an old bulb forcing faq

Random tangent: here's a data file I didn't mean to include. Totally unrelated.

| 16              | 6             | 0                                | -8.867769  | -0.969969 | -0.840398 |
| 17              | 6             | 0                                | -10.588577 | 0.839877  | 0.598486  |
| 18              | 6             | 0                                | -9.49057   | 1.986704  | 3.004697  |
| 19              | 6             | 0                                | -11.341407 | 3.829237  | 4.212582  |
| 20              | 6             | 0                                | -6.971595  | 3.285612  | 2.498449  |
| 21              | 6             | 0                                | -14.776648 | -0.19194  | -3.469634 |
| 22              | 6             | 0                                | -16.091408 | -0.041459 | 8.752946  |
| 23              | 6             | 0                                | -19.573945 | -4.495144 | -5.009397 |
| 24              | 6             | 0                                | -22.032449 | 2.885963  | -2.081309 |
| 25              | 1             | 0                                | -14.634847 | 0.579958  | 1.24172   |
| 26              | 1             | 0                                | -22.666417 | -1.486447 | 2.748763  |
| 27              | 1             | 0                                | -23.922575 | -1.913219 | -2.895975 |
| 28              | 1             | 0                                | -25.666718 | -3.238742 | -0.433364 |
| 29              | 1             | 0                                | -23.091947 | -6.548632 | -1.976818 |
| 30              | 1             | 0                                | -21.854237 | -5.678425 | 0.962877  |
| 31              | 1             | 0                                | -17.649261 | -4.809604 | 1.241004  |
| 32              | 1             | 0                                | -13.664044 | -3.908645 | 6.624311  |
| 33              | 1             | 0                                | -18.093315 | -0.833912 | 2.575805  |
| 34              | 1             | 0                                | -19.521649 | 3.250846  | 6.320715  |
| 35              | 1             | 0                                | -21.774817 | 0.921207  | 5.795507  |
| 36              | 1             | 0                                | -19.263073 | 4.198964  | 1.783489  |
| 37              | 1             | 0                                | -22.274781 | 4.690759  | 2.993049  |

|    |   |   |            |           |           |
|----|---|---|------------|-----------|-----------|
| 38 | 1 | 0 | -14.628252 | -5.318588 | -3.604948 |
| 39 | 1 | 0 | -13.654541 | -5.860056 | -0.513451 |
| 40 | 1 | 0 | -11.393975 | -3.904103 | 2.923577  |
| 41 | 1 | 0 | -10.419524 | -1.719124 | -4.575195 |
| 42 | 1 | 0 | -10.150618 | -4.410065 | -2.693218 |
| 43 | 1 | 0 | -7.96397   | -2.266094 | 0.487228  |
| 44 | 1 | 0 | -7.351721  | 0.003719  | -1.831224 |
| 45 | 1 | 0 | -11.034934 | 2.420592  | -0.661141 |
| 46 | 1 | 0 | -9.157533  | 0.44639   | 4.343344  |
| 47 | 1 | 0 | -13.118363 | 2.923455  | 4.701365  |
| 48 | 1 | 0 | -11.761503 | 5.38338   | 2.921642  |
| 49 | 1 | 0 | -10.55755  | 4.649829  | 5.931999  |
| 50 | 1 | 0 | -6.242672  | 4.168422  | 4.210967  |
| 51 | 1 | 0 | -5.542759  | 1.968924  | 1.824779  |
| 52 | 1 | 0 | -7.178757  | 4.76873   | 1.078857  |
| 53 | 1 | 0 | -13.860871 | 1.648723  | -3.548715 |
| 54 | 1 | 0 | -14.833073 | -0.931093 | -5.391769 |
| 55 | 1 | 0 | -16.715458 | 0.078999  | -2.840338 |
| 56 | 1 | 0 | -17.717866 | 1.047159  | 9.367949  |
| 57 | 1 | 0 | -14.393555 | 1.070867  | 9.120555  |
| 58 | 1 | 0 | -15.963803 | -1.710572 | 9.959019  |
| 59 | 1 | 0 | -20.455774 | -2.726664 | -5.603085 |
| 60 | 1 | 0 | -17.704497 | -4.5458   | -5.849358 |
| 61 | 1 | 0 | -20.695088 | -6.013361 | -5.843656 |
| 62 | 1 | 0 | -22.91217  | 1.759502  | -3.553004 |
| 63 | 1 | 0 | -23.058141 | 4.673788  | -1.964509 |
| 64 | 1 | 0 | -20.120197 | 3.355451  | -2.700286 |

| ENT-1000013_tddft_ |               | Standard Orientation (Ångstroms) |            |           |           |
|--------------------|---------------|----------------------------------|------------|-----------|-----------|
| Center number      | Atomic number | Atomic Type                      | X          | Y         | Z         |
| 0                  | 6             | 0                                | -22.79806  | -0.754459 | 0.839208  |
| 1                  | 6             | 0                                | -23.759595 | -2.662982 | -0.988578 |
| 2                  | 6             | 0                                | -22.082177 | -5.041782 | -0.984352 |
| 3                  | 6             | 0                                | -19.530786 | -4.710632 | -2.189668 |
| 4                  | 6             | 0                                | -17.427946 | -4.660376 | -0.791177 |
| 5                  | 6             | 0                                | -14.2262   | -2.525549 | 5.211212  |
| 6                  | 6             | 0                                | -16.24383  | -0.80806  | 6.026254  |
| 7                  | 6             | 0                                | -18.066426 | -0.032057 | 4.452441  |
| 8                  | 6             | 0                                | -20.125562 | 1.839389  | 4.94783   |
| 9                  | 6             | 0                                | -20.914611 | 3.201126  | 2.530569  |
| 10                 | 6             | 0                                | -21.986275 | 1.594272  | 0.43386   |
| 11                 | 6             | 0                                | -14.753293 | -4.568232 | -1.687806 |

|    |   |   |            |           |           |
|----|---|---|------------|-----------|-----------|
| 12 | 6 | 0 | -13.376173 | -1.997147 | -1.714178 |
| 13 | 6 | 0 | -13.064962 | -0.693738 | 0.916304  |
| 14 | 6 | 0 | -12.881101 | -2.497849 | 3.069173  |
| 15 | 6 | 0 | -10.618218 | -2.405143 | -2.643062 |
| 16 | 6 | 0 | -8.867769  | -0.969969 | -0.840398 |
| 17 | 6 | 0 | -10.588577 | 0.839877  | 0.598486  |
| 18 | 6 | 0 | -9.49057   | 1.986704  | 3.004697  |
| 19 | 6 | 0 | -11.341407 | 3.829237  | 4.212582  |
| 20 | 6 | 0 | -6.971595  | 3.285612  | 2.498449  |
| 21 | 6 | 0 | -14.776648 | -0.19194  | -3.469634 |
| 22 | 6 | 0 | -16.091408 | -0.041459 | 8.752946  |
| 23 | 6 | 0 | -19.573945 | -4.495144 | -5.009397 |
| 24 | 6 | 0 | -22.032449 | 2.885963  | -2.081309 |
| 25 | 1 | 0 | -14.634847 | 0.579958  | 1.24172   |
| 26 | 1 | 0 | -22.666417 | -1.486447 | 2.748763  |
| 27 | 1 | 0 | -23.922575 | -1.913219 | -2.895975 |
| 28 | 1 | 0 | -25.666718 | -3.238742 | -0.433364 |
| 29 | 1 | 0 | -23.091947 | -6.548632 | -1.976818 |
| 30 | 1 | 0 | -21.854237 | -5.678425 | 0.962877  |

FORCING BULBS FOR WINTER BLOOM 1st draft, 2 October 1992 "Do you think 200 paperwhites are enough? I'm giving a few pots for Christmas presents, and I haven't got enough refrigerator space to do that many tulips..." --3rd year bulb-forcer, who just discovered wholesale catalogs A. Why force bulbs? To (in)temperate zone gardeners, winter can be those 8 months before there's something blooming outside again. About mid-January, seed catalogs pall, and snow piles up, and the gardeners get a bit testy. There are several ways of coping with the winter-garden blues. Pruning the apple orchard is productive, but a bit chilly. Revamping the entire garden on paper, adding drystone walls, subterranean irrigation, a new pond and small arboretum is exciting, but it's a bit expensive to actually do the work and guilt-inducing to not do the work... Or, with a bit of planning, you can beat the winter doldrums and have spring flowers all winter, with modest space and equipment requirements. Because flower buds are already formed in dormant bulbs, if you buy bulbs from a reputable supplier, you are almost guaranteed success. This FAQ was prepared by Kay Lancaster, and reflects her experiences and prejudices. B. Bulbs that need no prechilling The simplest bulbs to "force" (bring into out-of-season bloom) are species that require no prechilling. These include _Hippeastrum_ (amaryllis), _Narcissus tazetta_ (paperwhite narcissus), and _Colchicum autumnale_ which will bloom in the fall just sitting on a shelf. Cultural instructions are in the list below. C. How to force bulbs 1. Equipment and supplies Equipment needs are fairly minimal: a sunny, cool window for bringing the bulbs to flower, pots and ordinary potting soil for growing, and a refrigerator, coldframe, or a box stuffed with leaves-- something to maintain the pots at about 40oF. Choice of bulbs is critical: some species and cultivars force better than others, and larger bulbs give a better show than smaller bulbs of the same cultivar. 2. Planting the bulbs Some authors advocate special "bulb fiber" for forcing, or specially shaped glasses to allow bulbs to be rooted in water. Others specify a mixture of pebbles and charcoal, glass marbles, or similar non-absorbent rooting media. My experience with bulb fiber is that it is good, but expensive. The other media are prone to a number of ills, including tipping, rot, and malodors. However, most professional growers use a simple, well-drained, standard potting soil in an ordinary clay or plastic pot with drain holes. This offers a heavy enough base that top growth won't flip the pot. If available, "bulb pans" or "azalea pans" (pots that are very squat or sort-of-squat in comparison to the standard flower pot shape) can be ^ Prepare the pot as if you were potting a house plant. New clay pots should be soaked in plain water for 24 hours before use*. Old clay or plastic pots should be scrubbed, disinfected and dried** before re-use. Crock the pot (put broken overlapping pot shards into the pot) to prevent soil running out the drain holes. Add enough soil so that the tips of the bulbs set on this base are about 2" (5 cm) below the rim. Place the bulbs on this base, one cultivar per pot, with the bulbs just barely separated. Put as many bulbs in as will fit. Continue filling the pot with soil to about 3/4" (2 cm) below the rim. Tag with cultivar and date. Place filled pot in water and allow the soil to soak up from the bottom; drain for 12 hours, then placed into the chilling chamber. Don't forget to write some "check on it dates" on the calendar! * New clay pots can "steal" water from roots as the clay molecules rehydrate from firing. ** Scrub mineral deposits and old soil and algal crusts from pots with a stiff-bristled brush. Soak clean pots in 10% sodium or calcium hypochlorite solution (chlorine bleach) diluted to 10% of commercial strength for an hour. Drain, rinse in clean water, and air dry until no trace of chlorine smell remains. It is possible to use undrained containers for bulb forcing, but I do not recommend this until you've mastered forcing at least a few species in ordinary pots-- watering is infinitely trickier in undrained pots. Instead choose a growing pot that will slip into the undrained display container. 3. Chilling period Place the pots in a cool chamber: something with a temperature that can be maintained at 35-40oF. This can be a refrigerator (beware, though, ethylene gas from ripening fruit, esp. apples, can cause flowers to abort), a cold basement or root cellar, a cold frame, or an outdoor trench filled with insulating but non-freezing materials such as straw over a gravel base. A cardboard box stuffed with straw and placed on insulating materials like a couple of inches of styrofoam will provide adequate temperature control in an unheated garage in USDA zones 4 or 5. You will want to be able to check on the pots about once a month. Arrange the pots in the chilling chamber, and remember to give them a drink every month or so. Actual length of the chilling period will depend on planting date and cultivar. In general, pots are ready to be brought on (grown) when the root system is well developed (go ahead, turn out a pot and peek!) and the new shoots are an inch or so high. 4. "Bringing them on" Abnormally high temperatures (for spring bulbs) will lead to loose, floppy growth, and perhaps flower abortion (esp in Iris). 50-55oF is an good growing temperature for most hardy spring bulbs, often obtainable in a bright windowsill, or in a basement under fluorescent light. Put new pots in half-bright light for a couple of days until the shoots green up, then move to a strongly lit cool area to keep growth compact. In general, do not fertilize (if you must, no N-- it makes floppy leaves!). You may also need to do a certain amount of discreet staking: I use chopsticks and a variety of shades of green embroidery floss.